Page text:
An examination of how today's leading philanthropists are revolutionizing the field, using new methods to have a vastly greater impact on the world.
For philanthropists of the past, charity was often a matter of simply giving money away. For the philanthrocapitalists – the new generation of billionaires who are reshaping the way they give – it's like business. Largely trained in the corporate world, these "social investors" are using big-business-style strategies and expecting results and accountability to match. Bill Gates, the world's richest man, is leading the way: he has promised his entire fortune to finding a cure for the diseases that kill millions of children in the poorest countries in the world.
In Philanthrocapitalism, Matthew Bishop and Michael Green examine this new movement and its implications. Proceeding from interviews with some of the most powerful people on the planetincluding Gates, Bill Clinton, George Soros, Angelina Jolie, and Bono, among othersthey show how a web of wealthy, motivated donors has set out to change the world. Their results will have huge implications: In a climate resistant to government spending on social causes, their focused donations may be the greatest force for societal change in our world, and a source of political controversy.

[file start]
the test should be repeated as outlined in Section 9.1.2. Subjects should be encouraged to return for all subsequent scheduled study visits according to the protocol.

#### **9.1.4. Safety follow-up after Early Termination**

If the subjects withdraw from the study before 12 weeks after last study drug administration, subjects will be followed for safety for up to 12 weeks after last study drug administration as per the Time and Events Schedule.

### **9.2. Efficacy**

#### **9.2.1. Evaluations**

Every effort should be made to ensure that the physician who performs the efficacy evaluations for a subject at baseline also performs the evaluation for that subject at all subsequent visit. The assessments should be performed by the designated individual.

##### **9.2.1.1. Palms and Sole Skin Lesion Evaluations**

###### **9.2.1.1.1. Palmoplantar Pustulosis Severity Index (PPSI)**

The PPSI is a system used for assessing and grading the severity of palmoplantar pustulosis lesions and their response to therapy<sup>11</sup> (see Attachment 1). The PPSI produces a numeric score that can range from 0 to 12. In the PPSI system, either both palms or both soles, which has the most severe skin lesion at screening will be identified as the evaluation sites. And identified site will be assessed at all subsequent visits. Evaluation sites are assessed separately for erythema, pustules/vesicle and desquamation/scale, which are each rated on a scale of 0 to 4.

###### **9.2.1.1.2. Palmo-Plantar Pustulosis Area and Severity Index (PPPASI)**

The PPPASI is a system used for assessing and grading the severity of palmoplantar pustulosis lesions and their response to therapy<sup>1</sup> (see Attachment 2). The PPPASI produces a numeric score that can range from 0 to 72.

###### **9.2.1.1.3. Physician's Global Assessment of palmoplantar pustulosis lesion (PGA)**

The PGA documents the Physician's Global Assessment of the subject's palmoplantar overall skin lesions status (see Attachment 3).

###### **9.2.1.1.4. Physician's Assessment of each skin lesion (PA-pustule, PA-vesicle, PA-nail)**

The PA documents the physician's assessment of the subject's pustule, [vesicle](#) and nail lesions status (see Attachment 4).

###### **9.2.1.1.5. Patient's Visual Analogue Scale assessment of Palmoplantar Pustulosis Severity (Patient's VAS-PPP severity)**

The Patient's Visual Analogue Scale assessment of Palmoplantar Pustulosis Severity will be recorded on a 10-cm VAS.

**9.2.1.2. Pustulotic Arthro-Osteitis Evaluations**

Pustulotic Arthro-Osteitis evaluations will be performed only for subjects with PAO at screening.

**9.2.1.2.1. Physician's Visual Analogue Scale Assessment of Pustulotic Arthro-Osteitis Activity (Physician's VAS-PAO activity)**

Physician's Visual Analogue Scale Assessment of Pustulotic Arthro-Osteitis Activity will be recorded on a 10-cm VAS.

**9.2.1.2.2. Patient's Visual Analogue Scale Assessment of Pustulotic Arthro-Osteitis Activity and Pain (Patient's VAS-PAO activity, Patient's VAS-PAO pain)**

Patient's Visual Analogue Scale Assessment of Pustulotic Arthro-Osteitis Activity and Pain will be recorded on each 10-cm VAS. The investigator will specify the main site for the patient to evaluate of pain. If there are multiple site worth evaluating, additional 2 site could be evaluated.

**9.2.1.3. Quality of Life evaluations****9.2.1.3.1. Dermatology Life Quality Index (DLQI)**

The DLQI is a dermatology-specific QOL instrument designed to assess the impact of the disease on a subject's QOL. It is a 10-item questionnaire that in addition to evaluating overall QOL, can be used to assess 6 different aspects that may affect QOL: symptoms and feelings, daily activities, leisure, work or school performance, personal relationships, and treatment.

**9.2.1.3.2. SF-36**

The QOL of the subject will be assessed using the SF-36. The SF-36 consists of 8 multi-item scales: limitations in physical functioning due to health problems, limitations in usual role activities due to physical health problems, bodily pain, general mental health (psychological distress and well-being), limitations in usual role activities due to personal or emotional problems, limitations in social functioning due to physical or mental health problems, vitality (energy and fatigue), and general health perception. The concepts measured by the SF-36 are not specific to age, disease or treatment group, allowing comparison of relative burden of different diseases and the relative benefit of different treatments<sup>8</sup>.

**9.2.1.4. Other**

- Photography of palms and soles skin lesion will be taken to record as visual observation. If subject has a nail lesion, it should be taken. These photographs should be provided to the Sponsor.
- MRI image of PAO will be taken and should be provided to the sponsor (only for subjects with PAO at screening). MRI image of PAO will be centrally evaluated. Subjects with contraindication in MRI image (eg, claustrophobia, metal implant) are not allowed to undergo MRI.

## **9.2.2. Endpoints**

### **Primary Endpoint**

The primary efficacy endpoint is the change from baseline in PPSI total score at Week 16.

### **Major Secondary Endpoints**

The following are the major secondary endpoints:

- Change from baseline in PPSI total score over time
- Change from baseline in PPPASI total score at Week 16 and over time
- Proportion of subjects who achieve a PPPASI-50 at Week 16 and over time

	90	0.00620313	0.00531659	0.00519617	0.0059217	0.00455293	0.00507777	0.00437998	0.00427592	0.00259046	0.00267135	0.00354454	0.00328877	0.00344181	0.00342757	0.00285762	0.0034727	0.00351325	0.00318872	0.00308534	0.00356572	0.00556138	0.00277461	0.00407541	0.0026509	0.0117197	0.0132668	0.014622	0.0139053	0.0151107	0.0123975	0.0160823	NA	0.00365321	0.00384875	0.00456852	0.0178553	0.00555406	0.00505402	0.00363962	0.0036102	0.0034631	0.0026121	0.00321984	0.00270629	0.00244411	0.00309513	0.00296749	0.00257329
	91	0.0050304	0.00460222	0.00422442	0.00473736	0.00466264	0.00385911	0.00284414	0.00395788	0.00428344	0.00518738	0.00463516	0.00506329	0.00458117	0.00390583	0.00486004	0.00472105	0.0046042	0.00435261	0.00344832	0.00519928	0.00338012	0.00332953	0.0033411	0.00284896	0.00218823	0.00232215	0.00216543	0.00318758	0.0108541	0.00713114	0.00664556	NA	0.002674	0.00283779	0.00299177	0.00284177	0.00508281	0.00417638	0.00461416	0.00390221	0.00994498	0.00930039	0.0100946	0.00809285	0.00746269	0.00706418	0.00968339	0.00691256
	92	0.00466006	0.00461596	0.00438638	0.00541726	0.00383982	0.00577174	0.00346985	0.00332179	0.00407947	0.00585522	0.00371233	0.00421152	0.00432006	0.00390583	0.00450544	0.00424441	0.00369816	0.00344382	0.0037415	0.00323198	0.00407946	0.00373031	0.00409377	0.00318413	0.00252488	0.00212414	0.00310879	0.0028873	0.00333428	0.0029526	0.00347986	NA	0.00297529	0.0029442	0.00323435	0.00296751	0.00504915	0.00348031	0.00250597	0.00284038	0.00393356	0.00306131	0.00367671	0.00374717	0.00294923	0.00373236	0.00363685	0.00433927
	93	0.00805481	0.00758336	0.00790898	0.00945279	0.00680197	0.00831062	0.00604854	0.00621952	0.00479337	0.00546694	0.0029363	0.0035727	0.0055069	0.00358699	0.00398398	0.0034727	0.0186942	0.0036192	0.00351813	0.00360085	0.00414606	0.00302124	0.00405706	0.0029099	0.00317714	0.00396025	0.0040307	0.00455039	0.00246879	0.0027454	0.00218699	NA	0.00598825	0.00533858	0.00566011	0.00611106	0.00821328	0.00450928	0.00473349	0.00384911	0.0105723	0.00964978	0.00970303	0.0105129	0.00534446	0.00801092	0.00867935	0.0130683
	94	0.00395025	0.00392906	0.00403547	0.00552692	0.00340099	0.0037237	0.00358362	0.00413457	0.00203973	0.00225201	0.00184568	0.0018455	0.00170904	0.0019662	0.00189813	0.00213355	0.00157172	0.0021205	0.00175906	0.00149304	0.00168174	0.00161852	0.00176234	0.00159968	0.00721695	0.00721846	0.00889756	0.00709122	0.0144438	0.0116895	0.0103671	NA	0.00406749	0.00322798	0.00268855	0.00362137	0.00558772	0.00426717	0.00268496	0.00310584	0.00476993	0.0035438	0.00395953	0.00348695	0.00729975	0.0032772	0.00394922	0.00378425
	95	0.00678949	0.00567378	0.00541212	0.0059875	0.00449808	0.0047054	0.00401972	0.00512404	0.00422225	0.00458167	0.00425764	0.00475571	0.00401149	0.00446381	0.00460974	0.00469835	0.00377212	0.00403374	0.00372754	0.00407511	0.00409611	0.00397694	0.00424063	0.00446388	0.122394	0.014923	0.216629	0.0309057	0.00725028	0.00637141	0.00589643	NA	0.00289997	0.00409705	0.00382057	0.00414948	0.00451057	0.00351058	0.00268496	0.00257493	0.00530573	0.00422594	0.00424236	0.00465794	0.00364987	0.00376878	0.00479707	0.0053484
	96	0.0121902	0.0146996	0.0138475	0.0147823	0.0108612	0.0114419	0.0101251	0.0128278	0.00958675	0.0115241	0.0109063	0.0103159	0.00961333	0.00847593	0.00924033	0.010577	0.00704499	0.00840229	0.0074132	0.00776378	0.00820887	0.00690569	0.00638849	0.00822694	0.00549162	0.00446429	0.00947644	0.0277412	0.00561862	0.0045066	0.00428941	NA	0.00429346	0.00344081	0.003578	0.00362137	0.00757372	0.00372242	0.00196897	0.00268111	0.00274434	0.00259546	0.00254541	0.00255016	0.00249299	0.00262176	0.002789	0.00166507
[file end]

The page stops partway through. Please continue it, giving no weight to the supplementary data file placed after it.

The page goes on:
Combining on-the-ground anecdotes, expert analysis, and up-close profiles of the wealthy and powerful, this is a fascinating look at a small group of people who will change an enormous number of lives.
|Edition description:||First Edition|
|Product dimensions:||6.30(w) x 9.30(h) x 1.30(d)|
About the Author
Matthew Bishop is chief business writer of the Economist. Michael Green is an expert on the relationship between government and the nongovernmental sector, particularly in the field of international development. Bishop lives in London, Green in New York.